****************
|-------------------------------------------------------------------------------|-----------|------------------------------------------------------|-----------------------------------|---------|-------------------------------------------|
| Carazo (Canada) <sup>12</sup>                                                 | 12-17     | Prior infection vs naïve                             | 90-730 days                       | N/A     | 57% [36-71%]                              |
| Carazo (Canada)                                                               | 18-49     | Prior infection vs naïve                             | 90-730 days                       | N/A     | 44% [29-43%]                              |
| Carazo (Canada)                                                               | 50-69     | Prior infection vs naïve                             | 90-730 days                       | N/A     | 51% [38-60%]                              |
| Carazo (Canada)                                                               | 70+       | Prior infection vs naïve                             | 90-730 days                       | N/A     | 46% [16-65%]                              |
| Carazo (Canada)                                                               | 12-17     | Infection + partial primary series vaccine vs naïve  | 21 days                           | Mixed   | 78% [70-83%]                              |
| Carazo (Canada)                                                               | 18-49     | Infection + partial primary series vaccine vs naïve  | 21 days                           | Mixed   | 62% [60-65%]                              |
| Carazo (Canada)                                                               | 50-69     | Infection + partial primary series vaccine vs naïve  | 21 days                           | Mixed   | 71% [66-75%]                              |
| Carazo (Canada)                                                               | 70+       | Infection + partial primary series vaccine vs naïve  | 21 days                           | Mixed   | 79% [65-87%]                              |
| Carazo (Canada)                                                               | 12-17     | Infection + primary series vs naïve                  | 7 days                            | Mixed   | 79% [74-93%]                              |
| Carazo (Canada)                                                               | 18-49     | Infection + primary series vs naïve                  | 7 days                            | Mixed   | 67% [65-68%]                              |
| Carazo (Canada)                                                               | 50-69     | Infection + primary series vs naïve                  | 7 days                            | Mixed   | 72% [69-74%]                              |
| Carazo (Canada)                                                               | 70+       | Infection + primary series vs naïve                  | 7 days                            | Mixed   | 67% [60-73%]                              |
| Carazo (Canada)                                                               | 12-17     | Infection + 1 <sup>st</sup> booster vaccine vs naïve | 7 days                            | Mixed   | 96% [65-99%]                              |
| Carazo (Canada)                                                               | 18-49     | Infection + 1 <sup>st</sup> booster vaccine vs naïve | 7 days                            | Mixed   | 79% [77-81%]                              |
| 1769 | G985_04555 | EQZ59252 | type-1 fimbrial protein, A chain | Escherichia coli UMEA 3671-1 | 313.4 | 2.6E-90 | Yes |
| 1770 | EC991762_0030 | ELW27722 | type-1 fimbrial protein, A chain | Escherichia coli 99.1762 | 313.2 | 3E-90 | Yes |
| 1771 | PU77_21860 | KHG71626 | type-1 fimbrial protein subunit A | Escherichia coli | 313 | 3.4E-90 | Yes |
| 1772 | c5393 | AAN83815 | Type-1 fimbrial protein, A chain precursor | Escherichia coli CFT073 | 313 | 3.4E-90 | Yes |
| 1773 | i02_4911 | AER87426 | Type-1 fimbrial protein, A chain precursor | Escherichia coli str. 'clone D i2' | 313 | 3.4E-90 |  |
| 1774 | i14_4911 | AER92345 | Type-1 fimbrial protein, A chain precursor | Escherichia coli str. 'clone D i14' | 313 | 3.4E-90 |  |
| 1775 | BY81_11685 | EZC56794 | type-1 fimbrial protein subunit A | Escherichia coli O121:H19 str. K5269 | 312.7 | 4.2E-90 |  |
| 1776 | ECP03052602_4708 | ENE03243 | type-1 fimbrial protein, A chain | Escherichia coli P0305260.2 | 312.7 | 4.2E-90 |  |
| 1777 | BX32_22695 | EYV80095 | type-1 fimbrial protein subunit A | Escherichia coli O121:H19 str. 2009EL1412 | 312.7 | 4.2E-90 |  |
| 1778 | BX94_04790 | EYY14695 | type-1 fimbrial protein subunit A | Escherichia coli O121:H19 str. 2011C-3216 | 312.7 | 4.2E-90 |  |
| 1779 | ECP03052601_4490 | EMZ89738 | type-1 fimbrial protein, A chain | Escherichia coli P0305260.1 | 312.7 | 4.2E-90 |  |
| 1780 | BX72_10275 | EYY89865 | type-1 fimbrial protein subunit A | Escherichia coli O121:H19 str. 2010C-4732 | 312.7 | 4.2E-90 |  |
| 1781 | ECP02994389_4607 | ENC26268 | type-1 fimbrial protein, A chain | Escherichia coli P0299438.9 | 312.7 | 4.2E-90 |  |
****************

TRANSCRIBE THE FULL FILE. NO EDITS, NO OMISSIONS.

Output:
|-------------------------------------------------------------------------------|-----------|------------------------------------------------------|-----------------------------------|---------|-------------------------------------------|
| Carazo (Canada) <sup>12</sup>                                                 | 12-17     | Prior infection vs naïve                             | 90-730 days                       | N/A     | 57% [36-71%]                              |
| Carazo (Canada)                                                               | 18-49     | Prior infection vs naïve                             | 90-730 days                       | N/A     | 44% [29-43%]                              |
| Carazo (Canada)                                                               | 50-69     | Prior infection vs naïve                             | 90-730 days                       | N/A     | 51% [38-60%]                              |
| Carazo (Canada)                                                               | 70+       | Prior infection vs naïve                             | 90-730 days                       | N/A     | 46% [16-65%]                              |
| Carazo (Canada)                                                               | 12-17     | Infection + partial primary series vaccine vs naïve  | 21 days                           | Mixed   | 78% [70-83%]                              |
| Carazo (Canada)                                                               | 18-49     | Infection + partial primary series vaccine vs naïve  | 21 days                           | Mixed   | 62% [60-65%]                              |
| Carazo (Canada)                                                               | 50-69     | Infection + partial primary series vaccine vs naïve  | 21 days                           | Mixed   | 71% [66-75%]                              |
| Carazo (Canada)                                                               | 70+       | Infection + partial primary series vaccine vs naïve  | 21 days                           | Mixed   | 79% [65-87%]                              |
| Carazo (Canada)                                                               | 12-17     | Infection + primary series vs naïve                  | 7 days                            | Mixed   | 79% [74-93%]                              |
| Carazo (Canada)                                                               | 18-49     | Infection + primary series vs naïve                  | 7 days                            | Mixed   | 67% [65-68%]                              |
| Carazo (Canada)                                                               | 50-69     | Infection + primary series vs naïve                  | 7 days                            | Mixed   | 72% [69-74%]                              |
| Carazo (Canada)                                                               | 70+       | Infection + primary series vs naïve                  | 7 days                            | Mixed   | 67% [60-73%]                              |
| Carazo (Canada)                                                               | 12-17     | Infection + 1 <sup>st</sup> booster vaccine vs naïve | 7 days                            | Mixed   | 96% [65-99%]                              |
| Carazo (Canada)                                                               | 18-49     | Infection + 1 <sup>st</sup> booster vaccine vs naïve | 7 days                            | Mixed   | 79% [77-81%]                              |
| 1769 | G985_04555 | EQZ59252 | type-1 fimbrial protein, A chain | Escherichia coli UMEA 3671-1 | 313.4 | 2.6E-90 | Yes |
| 1770 | EC991762_0030 | ELW27722 | type-1 fimbrial protein, A chain | Escherichia coli 99.1762 | 313.2 | 3E-90 | Yes |
| 1771 | PU77_21860 | KHG71626 | type-1 fimbrial protein subunit A | Escherichia coli | 313 | 3.4E-90 | Yes |
| 1772 | c5393 | AAN83815 | Type-1 fimbrial protein, A chain precursor | Escherichia coli CFT073 | 313 | 3.4E-90 | Yes |
| 1773 | i02_4911 | AER87426 | Type-1 fimbrial protein, A chain precursor | Escherichia coli str. 'clone D i2' | 313 | 3.4E-90 |  |
| 1774 | i14_4911 | AER92345 | Type-1 fimbrial protein, A chain precursor | Escherichia coli str. 'clone D i14' | 313 | 3.4E-90 |  |
| 1775 | BY81_11685 | EZC56794 | type-1 fimbrial protein subunit A | Escherichia coli O121:H19 str. K5269 | 312.7 | 4.2E-90 |  |
| 1776 | ECP03052602_4708 | ENE03243 | type-1 fimbrial protein, A chain | Escherichia coli P0305260.2 | 312.7 | 4.2E-90 |  |
| 1777 | BX32_22695 | EYV80095 | type-1 fimbrial protein subunit A | Escherichia coli O121:H19 str. 2009EL1412 | 312.7 | 4.2E-90 |  |
| 1778 | BX94_04790 | EYY14695 | type-1 fimbrial protein subunit A | Escherichia coli O121:H19 str. 2011C-3216 | 312.7 | 4.2E-90 |  |
| 1779 | ECP03052601_4490 | EMZ89738 | type-1 fimbrial protein, A chain | Escherichia coli P0305260.1 | 312.7 | 4.2E-90 |  |
| 1780 | BX72_10275 | EYY89865 | type-1 fimbrial protein subunit A | Escherichia coli O121:H19 str. 2010C-4732 | 312.7 | 4.2E-90 |  |
| 1781 | ECP02994389_4607 | ENC26268 | type-1 fimbrial protein, A chain | Escherichia coli P0299438.9 | 312.7 | 4.2E-90 |  |